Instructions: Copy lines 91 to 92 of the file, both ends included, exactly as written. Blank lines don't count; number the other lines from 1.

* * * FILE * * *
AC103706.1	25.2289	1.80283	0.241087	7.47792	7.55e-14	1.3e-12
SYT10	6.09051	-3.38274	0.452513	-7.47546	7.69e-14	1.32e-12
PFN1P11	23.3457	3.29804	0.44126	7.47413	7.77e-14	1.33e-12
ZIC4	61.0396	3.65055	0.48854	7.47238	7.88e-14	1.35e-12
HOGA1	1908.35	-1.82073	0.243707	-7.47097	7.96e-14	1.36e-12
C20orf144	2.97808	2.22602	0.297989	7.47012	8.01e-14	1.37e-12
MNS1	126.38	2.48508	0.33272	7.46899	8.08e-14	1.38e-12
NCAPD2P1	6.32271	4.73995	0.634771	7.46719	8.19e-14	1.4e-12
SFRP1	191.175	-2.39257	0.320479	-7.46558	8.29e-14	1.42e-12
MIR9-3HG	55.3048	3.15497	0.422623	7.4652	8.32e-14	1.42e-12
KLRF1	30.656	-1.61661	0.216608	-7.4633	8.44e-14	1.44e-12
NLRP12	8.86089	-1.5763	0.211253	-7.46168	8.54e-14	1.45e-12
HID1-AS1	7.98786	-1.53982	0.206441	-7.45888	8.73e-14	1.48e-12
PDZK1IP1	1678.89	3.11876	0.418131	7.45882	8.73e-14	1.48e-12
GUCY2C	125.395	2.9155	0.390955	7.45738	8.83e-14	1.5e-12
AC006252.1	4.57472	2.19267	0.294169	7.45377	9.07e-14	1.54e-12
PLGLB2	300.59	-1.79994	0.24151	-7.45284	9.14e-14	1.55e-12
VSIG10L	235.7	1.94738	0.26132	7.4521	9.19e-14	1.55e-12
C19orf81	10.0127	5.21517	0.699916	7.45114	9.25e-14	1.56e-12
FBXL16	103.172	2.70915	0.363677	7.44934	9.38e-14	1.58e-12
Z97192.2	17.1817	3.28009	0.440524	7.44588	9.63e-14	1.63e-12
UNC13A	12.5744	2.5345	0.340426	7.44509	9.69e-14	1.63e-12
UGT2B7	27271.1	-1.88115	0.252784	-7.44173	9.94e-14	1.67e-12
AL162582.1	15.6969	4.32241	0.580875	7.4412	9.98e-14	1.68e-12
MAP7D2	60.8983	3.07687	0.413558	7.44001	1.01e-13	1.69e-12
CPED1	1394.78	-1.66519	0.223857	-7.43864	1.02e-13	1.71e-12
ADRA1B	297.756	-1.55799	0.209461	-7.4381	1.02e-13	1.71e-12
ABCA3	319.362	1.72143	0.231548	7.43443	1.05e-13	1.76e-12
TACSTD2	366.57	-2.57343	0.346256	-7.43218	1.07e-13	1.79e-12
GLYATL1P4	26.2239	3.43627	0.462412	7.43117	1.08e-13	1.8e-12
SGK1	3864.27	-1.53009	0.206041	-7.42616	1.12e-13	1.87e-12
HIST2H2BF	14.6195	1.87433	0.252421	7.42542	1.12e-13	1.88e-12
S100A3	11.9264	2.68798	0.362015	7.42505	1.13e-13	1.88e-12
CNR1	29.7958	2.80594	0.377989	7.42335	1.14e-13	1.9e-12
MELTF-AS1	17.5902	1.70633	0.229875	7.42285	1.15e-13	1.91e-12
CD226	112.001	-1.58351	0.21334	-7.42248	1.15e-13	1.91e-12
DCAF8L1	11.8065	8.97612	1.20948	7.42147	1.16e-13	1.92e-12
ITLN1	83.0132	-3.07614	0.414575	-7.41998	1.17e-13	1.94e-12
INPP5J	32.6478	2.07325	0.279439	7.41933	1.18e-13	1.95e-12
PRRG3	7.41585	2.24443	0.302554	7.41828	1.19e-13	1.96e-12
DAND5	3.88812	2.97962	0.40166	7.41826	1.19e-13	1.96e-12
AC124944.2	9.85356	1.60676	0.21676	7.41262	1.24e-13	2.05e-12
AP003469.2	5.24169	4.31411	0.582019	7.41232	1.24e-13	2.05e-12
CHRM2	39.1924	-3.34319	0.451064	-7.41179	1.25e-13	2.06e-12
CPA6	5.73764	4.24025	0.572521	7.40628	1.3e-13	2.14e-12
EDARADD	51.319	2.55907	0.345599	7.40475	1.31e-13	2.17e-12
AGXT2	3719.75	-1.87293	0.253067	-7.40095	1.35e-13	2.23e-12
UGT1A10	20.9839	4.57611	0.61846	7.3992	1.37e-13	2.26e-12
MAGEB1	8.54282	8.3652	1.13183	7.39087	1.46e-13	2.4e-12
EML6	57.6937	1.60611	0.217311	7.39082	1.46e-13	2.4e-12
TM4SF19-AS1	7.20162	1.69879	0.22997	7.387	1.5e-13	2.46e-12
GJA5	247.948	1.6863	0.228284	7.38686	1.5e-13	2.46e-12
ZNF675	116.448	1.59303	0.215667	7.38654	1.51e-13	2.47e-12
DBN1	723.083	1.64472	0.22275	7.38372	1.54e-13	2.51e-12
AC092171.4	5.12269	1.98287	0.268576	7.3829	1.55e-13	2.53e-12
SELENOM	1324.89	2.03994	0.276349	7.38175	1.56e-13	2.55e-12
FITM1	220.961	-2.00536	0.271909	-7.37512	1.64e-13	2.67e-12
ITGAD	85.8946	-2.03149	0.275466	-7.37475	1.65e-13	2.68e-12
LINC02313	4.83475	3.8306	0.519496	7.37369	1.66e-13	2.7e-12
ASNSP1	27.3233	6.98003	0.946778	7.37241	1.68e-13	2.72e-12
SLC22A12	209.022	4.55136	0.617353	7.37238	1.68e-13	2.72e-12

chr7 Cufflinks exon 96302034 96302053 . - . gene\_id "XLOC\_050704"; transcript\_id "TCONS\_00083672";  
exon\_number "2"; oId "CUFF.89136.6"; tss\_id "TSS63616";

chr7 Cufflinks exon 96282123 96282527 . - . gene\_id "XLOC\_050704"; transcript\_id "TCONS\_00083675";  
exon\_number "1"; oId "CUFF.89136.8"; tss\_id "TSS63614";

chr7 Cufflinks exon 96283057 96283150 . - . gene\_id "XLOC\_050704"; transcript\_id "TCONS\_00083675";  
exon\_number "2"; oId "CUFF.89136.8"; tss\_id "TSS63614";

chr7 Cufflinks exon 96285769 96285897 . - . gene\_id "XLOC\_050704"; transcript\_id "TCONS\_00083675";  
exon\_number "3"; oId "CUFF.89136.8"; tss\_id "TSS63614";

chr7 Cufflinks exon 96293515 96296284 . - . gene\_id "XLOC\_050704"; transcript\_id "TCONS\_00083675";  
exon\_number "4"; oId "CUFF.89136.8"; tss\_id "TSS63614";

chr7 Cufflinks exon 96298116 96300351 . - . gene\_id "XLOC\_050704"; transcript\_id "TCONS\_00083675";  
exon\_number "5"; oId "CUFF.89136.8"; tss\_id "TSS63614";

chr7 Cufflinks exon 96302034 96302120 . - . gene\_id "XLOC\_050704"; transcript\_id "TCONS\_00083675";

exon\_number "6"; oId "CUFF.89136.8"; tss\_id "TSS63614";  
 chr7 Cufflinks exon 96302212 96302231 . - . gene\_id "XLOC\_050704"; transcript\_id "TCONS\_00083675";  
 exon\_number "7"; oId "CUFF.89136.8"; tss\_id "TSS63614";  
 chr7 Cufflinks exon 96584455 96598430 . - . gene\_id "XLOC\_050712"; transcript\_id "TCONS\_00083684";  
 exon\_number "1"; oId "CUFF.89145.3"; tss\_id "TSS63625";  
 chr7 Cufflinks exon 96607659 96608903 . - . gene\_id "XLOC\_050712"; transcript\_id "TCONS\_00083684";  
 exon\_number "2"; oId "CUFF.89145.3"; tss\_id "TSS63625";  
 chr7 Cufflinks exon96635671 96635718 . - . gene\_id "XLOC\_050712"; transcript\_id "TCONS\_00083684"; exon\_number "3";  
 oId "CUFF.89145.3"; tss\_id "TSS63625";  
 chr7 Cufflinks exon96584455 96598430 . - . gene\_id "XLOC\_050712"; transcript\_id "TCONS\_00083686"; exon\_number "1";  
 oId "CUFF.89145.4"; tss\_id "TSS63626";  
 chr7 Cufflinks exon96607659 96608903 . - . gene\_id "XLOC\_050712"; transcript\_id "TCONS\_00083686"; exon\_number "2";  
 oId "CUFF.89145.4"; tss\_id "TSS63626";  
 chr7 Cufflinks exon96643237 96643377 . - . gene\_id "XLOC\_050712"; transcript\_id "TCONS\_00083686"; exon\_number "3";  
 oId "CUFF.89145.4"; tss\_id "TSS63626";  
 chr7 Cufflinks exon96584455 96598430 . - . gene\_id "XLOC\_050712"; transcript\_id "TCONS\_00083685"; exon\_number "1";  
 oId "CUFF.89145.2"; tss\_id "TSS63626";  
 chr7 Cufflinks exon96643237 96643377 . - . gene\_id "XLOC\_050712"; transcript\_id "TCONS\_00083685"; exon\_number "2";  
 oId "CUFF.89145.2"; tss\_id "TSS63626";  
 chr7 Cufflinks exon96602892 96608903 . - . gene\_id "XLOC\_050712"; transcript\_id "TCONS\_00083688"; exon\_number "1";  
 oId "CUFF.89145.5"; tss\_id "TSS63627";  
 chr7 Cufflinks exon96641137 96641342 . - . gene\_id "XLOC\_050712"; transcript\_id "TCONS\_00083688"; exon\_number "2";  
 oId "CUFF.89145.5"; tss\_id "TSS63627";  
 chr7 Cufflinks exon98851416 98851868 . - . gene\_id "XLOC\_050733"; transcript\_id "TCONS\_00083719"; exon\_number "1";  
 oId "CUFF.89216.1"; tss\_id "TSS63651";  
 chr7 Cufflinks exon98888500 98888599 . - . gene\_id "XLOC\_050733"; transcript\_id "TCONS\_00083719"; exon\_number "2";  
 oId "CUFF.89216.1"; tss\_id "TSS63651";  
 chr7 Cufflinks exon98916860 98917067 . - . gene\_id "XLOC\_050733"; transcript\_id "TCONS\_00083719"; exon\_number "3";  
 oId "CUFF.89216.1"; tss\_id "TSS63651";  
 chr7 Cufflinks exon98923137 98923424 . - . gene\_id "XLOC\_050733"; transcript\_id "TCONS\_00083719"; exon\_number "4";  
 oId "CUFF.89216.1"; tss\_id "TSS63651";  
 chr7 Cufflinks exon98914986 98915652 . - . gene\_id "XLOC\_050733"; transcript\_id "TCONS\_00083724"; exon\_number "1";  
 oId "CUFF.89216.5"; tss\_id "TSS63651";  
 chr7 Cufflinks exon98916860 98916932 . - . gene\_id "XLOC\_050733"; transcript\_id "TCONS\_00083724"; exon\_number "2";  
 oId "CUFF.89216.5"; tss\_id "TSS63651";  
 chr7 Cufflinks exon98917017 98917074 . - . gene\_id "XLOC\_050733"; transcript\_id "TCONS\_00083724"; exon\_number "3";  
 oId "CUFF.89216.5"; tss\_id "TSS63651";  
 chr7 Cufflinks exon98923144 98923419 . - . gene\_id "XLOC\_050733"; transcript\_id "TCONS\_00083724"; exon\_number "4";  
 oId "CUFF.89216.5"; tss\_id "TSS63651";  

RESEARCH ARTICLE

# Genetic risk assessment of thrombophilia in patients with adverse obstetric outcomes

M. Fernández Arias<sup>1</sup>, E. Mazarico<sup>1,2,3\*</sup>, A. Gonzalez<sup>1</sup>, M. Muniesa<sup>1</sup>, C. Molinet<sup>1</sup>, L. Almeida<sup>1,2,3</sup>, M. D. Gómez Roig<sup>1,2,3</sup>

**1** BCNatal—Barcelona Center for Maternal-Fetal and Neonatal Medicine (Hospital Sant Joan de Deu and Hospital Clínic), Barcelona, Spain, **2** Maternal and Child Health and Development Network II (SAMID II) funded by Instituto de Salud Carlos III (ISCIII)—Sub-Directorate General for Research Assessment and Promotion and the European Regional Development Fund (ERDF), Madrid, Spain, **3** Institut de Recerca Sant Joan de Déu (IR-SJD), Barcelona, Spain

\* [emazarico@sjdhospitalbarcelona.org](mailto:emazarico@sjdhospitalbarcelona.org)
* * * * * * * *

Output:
 oId "CUFF.89145.2"; tss\_id "TSS63626";  
 chr7 Cufflinks exon96643237 96643377 . - . gene\_id "XLOC\_050712"; transcript\_id "TCONS\_00083685"; exon\_number "2";  